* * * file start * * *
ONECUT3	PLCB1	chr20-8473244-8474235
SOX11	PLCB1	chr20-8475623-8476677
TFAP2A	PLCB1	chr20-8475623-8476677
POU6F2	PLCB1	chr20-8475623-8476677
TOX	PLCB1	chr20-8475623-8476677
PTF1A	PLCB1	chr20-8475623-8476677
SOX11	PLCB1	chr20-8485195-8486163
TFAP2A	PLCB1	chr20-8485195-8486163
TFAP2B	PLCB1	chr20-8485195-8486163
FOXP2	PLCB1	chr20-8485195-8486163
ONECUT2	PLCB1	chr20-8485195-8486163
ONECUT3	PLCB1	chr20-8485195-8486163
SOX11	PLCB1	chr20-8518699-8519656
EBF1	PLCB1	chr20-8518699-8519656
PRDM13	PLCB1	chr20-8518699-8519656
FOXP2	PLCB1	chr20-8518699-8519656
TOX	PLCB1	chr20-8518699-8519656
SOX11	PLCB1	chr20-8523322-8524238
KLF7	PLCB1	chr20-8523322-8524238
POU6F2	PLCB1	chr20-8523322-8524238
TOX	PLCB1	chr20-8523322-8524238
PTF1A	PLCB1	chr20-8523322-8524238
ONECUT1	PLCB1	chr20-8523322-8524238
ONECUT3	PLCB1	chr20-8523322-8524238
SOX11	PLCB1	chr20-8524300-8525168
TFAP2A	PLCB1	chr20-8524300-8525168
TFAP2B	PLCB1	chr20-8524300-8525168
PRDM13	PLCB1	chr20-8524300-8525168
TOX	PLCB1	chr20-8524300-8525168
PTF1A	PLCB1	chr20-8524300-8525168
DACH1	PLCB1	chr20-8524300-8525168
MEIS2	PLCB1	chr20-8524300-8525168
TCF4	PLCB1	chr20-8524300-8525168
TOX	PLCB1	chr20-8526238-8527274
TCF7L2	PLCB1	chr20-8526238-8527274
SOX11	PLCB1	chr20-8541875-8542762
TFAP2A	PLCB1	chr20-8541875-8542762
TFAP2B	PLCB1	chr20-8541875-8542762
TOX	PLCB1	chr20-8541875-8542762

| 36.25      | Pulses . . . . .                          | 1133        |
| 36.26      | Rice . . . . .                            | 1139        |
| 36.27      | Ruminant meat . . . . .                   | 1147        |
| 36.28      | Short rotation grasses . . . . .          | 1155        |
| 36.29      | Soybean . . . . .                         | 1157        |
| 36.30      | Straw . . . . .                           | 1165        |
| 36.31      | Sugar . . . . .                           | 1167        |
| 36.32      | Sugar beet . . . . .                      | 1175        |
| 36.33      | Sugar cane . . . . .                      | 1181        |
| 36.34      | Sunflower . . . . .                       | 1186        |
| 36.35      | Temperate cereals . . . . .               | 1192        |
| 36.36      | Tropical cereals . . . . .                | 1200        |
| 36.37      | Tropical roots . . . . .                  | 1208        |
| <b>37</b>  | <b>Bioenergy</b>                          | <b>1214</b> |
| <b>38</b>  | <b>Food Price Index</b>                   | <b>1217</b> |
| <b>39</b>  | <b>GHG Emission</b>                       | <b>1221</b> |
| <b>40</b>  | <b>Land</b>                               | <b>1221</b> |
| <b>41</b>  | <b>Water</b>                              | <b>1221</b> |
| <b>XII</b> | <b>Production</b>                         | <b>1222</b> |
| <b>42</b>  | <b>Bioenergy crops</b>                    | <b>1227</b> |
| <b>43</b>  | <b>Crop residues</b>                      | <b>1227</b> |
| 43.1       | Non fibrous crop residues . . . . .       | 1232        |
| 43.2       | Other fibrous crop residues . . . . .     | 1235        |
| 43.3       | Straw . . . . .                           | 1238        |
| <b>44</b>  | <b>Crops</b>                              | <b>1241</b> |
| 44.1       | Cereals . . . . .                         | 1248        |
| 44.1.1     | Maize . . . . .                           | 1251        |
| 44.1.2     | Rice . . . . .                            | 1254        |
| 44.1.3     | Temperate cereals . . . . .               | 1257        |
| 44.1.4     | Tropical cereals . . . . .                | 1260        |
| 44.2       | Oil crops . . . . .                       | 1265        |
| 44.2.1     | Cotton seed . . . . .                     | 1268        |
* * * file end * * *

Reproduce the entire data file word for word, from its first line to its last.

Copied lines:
ONECUT3	PLCB1	chr20-8473244-8474235
SOX11	PLCB1	chr20-8475623-8476677
TFAP2A	PLCB1	chr20-8475623-8476677
POU6F2	PLCB1	chr20-8475623-8476677
TOX	PLCB1	chr20-8475623-8476677
PTF1A	PLCB1	chr20-8475623-8476677
SOX11	PLCB1	chr20-8485195-8486163
TFAP2A	PLCB1	chr20-8485195-8486163
TFAP2B	PLCB1	chr20-8485195-8486163
FOXP2	PLCB1	chr20-8485195-8486163
ONECUT2	PLCB1	chr20-8485195-8486163
ONECUT3	PLCB1	chr20-8485195-8486163
SOX11	PLCB1	chr20-8518699-8519656
EBF1	PLCB1	chr20-8518699-8519656
PRDM13	PLCB1	chr20-8518699-8519656
FOXP2	PLCB1	chr20-8518699-8519656
TOX	PLCB1	chr20-8518699-8519656
SOX11	PLCB1	chr20-8523322-8524238
KLF7	PLCB1	chr20-8523322-8524238
POU6F2	PLCB1	chr20-8523322-8524238
TOX	PLCB1	chr20-8523322-8524238
PTF1A	PLCB1	chr20-8523322-8524238
ONECUT1	PLCB1	chr20-8523322-8524238
ONECUT3	PLCB1	chr20-8523322-8524238
SOX11	PLCB1	chr20-8524300-8525168
TFAP2A	PLCB1	chr20-8524300-8525168
TFAP2B	PLCB1	chr20-8524300-8525168
PRDM13	PLCB1	chr20-8524300-8525168
TOX	PLCB1	chr20-8524300-8525168
PTF1A	PLCB1	chr20-8524300-8525168
DACH1	PLCB1	chr20-8524300-8525168
MEIS2	PLCB1	chr20-8524300-8525168
TCF4	PLCB1	chr20-8524300-8525168
TOX	PLCB1	chr20-8526238-8527274
TCF7L2	PLCB1	chr20-8526238-8527274
SOX11	PLCB1	chr20-8541875-8542762
TFAP2A	PLCB1	chr20-8541875-8542762
TFAP2B	PLCB1	chr20-8541875-8542762
TOX	PLCB1	chr20-8541875-8542762

| 36.25      | Pulses . . . . .                          | 1133        |
| 36.26      | Rice . . . . .                            | 1139        |
| 36.27      | Ruminant meat . . . . .                   | 1147        |
| 36.28      | Short rotation grasses . . . . .          | 1155        |
| 36.29      | Soybean . . . . .                         | 1157        |
| 36.30      | Straw . . . . .                           | 1165        |
| 36.31      | Sugar . . . . .                           | 1167        |
| 36.32      | Sugar beet . . . . .                      | 1175        |
| 36.33      | Sugar cane . . . . .                      | 1181        |
| 36.34      | Sunflower . . . . .                       | 1186        |
| 36.35      | Temperate cereals . . . . .               | 1192        |
| 36.36      | Tropical cereals . . . . .                | 1200        |
| 36.37      | Tropical roots . . . . .                  | 1208        |
| <b>37</b>  | <b>Bioenergy</b>                          | <b>1214</b> |
| <b>38</b>  | <b>Food Price Index</b>                   | <b>1217</b> |
| <b>39</b>  | <b>GHG Emission</b>                       | <b>1221</b> |
| <b>40</b>  | <b>Land</b>                               | <b>1221</b> |
| <b>41</b>  | <b>Water</b>                              | <b>1221</b> |
| <b>XII</b> | <b>Production</b>                         | <b>1222</b> |
| <b>42</b>  | <b>Bioenergy crops</b>                    | <b>1227</b> |
| <b>43</b>  | <b>Crop residues</b>                      | <b>1227</b> |
| 43.1       | Non fibrous crop residues . . . . .       | 1232        |
| 43.2       | Other fibrous crop residues . . . . .     | 1235        |
| 43.3       | Straw . . . . .                           | 1238        |
| <b>44</b>  | <b>Crops</b>                              | <b>1241</b> |
| 44.1       | Cereals . . . . .                         | 1248        |
| 44.1.1     | Maize . . . . .                           | 1251        |
| 44.1.2     | Rice . . . . .                            | 1254        |
| 44.1.3     | Temperate cereals . . . . .               | 1257        |
| 44.1.4     | Tropical cereals . . . . .                | 1260        |
| 44.2       | Oil crops . . . . .                       | 1265        |
| 44.2.1     | Cotton seed . . . . .                     | 1268        |